COVID-19 testing brings its own set of questions and complications. I can say for certain, however, that if you or a family member become ill, monitor your symptoms carefully. If you think you may have COVID-19, call your doctor or the MarinHealth Adult Acute Care Clinic (1-628-336-5205) to see if you should be tested.

Visit to learn more about the differences in symptoms between cold, flu, and COVID-19. For information on COVID testing in Marin County, visit

Dr. Lowe is an Internal Medicine Specialist at MarinHealth Internal Medicine | A UCSF Health Clinic

Mindfulness Meditation: A Self-Healing Practice

COVID concerns. Political stress. Winter blues. Cabin fever. Holiday pressures. With so many stressors to contend with, it’s easy to feel anxious, overwhelmed and even un-moored. No wonder so many are turning to the ancient practice of mindfulness meditation. For centuries, people have relied on this mind/body practice to feel more grounded, calm, and relaxed.

Benefits of Meditation
Mindfulness meditation is a powerful tool for managing stress, find inner peace, and improving mental function. In addition, this practice can help cultivate self-awareness, compassion, and empathy. A growing body of evidence also indicates that meditation has physical as well as mental and emotional benefits. Research has shown the practice can be helpful for a variety of conditions, including:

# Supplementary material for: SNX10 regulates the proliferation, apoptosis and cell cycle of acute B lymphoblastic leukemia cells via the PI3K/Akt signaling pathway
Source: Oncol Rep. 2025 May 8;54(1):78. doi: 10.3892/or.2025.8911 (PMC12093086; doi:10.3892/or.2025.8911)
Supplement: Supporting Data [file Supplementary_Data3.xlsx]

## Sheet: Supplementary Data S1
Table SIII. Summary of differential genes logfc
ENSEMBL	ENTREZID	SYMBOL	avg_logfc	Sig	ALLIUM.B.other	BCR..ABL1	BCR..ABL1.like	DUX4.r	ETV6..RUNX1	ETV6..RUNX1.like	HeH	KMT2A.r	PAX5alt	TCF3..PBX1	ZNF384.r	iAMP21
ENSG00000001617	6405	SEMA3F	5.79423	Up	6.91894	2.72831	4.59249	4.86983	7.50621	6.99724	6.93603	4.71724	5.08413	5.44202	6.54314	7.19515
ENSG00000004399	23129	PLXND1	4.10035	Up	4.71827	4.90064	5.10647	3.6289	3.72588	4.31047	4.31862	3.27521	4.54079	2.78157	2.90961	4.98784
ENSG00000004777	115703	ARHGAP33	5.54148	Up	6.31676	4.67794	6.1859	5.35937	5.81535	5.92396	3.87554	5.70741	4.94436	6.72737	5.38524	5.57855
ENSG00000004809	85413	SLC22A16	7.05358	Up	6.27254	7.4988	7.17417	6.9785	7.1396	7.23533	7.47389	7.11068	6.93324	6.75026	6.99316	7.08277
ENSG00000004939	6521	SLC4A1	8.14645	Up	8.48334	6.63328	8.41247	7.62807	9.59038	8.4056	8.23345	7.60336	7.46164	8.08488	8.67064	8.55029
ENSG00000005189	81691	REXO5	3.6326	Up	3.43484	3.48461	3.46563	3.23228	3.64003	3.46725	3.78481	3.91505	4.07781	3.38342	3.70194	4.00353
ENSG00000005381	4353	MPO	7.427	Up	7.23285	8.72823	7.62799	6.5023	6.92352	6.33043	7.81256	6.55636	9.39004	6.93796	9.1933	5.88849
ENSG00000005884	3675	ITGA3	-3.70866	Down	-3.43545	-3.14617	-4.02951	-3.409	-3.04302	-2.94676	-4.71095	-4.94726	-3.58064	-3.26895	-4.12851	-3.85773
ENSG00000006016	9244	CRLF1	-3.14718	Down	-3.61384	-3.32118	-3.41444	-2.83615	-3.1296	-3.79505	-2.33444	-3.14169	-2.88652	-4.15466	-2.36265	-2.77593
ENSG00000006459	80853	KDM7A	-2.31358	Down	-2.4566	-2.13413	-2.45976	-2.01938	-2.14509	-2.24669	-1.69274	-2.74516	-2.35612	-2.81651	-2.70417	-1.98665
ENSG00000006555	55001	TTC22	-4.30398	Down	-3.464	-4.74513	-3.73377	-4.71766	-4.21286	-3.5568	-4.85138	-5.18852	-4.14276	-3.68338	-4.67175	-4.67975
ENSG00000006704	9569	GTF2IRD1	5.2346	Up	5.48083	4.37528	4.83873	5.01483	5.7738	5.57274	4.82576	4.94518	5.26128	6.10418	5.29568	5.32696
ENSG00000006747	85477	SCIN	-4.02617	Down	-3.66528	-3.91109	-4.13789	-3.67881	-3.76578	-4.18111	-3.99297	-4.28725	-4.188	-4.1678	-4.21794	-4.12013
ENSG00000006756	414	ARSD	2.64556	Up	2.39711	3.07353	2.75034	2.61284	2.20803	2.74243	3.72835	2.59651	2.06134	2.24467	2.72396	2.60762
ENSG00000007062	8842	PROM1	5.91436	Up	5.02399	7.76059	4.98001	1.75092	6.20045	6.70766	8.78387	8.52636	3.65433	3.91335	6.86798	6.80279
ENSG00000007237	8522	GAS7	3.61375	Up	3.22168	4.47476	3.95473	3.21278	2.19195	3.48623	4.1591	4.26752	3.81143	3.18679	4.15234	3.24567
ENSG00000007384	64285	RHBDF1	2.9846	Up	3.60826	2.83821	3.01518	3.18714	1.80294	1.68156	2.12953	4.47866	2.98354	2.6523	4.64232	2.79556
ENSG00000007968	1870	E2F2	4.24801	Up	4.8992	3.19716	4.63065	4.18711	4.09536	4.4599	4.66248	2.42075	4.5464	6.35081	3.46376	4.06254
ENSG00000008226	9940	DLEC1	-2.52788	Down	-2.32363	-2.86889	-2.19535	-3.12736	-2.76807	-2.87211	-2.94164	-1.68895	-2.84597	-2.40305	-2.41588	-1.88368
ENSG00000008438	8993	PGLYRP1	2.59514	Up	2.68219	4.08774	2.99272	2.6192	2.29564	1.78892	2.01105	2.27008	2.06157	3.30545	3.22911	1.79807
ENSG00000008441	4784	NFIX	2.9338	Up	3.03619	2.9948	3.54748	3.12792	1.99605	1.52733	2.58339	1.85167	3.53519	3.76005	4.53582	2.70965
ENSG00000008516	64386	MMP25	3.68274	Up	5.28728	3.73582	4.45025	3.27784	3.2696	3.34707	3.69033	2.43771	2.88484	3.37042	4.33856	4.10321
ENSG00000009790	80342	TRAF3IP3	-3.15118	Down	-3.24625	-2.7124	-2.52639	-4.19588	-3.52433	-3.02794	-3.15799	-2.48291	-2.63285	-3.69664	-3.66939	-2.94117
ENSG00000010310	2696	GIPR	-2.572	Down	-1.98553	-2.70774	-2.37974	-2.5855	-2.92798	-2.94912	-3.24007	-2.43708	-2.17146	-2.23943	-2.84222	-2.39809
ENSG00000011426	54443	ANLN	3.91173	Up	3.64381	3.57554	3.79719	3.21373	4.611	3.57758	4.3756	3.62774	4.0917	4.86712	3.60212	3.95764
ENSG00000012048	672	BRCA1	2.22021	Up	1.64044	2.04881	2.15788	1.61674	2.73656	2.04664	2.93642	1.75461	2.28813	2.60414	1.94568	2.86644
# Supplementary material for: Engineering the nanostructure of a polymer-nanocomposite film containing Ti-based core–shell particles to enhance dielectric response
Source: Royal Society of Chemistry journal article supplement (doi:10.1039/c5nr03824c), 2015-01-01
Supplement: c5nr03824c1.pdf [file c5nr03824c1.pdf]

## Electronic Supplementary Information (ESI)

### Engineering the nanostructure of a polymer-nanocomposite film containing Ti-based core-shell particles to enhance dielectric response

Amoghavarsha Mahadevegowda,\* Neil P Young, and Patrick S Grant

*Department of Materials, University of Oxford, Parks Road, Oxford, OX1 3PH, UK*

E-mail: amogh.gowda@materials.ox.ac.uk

• Chronic pain
  • Poor sleep
  • Menopausal symptoms
  • Anxiety
  • Irritable Bowel Syndrome (IBS)
  • High blood pressure
  • Depression
  • Post-Traumatic Stress Disorder (PTSD)
  • Emotional stress due to a serious illness such as cancer

Some studies indicate that over time, meditation actually leads to physical changes in the brain, including thickening in areas of the brain related to attention, learning, cognition and memory. This thickening appears to be more pronounced in older participants, which suggests that regular meditation may help counter age-related brain atrophy – or cortical thinning – associated with Alzheimer’s, Parkinson’s and a host of other diseases.

How Does It Work?
While all types of meditation are designed to center and relax you, the practice is not one-size-fits-all. You may want to try several different types of meditation to find the method that best suits you. In mindfulness meditation, a secular practice that originates from Buddhist teachings, you sit or lie quietly, eyes closed, focusing on your breath and paying attention to any thoughts, feelings or sensations as they arise, without judgment.